Gill Jones, early education deputy director at Ofsted, shares some updates on the new Education Inspection Framework, coming into place in September. This article originally appeared in the June 2019 issue of Under 5 magazine.
Last month, we launched our new inspection framework, which sets out how we will inspect nurseries, pre-schools, forest schools, childminders and indeed all forms of early years provision, across England, from September 2019.
This announcement followed an extensive consultation, which received more than 15,000 responses. I am genuinely heartened that so many people who work with young children took the time to read the consultation and inspection handbook and offer us their views. Even the less positive responses were very welcome and helpful. They provoked much thought and discussion at Clive House! Overall, the feedback was very positive. More than 80 per cent of people said that our proposed framework was clear and easy to understand.
Breakfast, after-school and holiday clubs
There was strong support for applying our new framework to all early years provision. But much of the feedback raised concerns about inspectors judging the ‘quality of education’ in breakfast, after-school and holiday clubs. We have taken this feedback in to account and decided that this judgement will not apply to those settings, since they do not have to meet the learning and development requirements in the Early Years Foundation Stage (EYFS).
Less data, more EYFS
The new framework is placing much less emphasis on data and paperwork, and a greater focus on what providers offer through their EYFS curriculum. I hope this will have a big and positive impact in the early years – we want you to spend your time teaching and making a real difference to what children learn and do, which is, after all, why you have devoted your professional lives to developing young children.
So, what do you need to know when our inspectors come knocking on your door this autumn? Well, to pick out just a few key highlights:
Inspectors will consider how well an early years setting uses the EYFS curriculum to enhance the experience and opportunities available to children, so that they gain the essential knowledge that they need to prepare for future success. We call this ‘cultural capital’.
Inspectors will not advocate a particular way of planning, teaching or assessment, and they will not expect to see any documents other than those listed in the EYFS.
We recognise that the early years sector is very diverse. Inspectors will use their professional judgement to assess how well the leadership is making a difference and improving the quality of the provision for the children.
We have stressed from the beginning that our reforms are more of an evolution than a revolution. So you will not see a massive change in our approach to inspecting from Monday 2 September.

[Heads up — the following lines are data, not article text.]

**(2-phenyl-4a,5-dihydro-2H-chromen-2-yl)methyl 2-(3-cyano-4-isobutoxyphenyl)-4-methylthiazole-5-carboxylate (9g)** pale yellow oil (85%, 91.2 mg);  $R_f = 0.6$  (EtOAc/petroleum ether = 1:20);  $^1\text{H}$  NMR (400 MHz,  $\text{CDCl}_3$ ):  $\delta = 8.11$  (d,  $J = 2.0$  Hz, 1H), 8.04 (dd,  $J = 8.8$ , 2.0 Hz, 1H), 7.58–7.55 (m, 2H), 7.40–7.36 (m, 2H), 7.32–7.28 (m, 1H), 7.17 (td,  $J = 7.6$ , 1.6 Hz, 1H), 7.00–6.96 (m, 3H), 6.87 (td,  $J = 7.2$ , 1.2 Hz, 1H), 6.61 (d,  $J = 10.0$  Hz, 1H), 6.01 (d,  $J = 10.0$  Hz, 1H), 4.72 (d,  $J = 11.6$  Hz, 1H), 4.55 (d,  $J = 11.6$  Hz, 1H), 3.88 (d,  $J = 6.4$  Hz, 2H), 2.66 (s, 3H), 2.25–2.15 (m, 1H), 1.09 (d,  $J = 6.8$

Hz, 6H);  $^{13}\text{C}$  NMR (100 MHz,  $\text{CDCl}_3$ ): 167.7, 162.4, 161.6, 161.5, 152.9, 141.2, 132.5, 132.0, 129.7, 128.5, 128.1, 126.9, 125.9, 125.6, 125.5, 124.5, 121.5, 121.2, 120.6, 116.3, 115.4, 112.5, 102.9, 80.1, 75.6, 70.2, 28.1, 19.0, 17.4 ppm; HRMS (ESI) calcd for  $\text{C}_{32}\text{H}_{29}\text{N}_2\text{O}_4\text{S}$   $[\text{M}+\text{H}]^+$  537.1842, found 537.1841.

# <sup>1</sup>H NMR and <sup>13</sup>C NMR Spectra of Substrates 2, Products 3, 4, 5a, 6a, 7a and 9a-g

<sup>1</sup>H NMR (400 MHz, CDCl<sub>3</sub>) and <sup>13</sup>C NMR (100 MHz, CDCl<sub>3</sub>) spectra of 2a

We have been doing pilot inspections, which have highlighted more similarities than differences with the current way we inspect. For instance, when preparing for a pilot in the east midlands, our inspector researched previous visits, the recommendations we had made for improvement, the provider’s regulatory history, and indeed all the information we held about that setting – just as we do now. Then the inspector let the manager steer the inspection towards specific activities - to allow them to showcase the good work they were doing.
Our inspector placed a greater emphasis on a learning walk at the beginning of the inspection, when the manager introduced the inspector to their provision. This allowed the manager to explain how they organise the provision and decide what the children in their setting needed to learn. Our inspector met some delightful children, who were able to use quite technical vocabulary when speaking about a variety of herbs. They were confident and articulate for their age.
I think it’s fair to say that the manager enjoyed talking openly to an inspector about their work. It was the opposite of an intense management meeting where data dominates the discussion.
This, and other, pilot inspections have shown that the framework works for nurseries and childminders. Inspectors can find out what it is like to attend an early years provision without the need to look at data and lots of paperwork.
Handbooks and guides
If I can sound a warning note, I know from experience that the publication of new handbooks leads to a deluge of emails from consultants, offering to tell you how to prepare for an Ofsted inspection if you’ll give them some cash. This is not necessary at all – you should not do anything specifically for an Ofsted inspection. Anything that you do should be for the young children themselves. And similarly, don’t feel obliged to spend several hundred pounds on training or buying in a consultant when our website has all kinds of information about what we do.
The EYFS is still the EYFS and although our inspection framework has changed, what you need to do to help children to learn and enjoy their early years experience remains the same.
Between now and September, we will be attending conferences and events, including the Ofsted Big Conversation, to talk about what the new inspection framework will mean for you. Watch this space!
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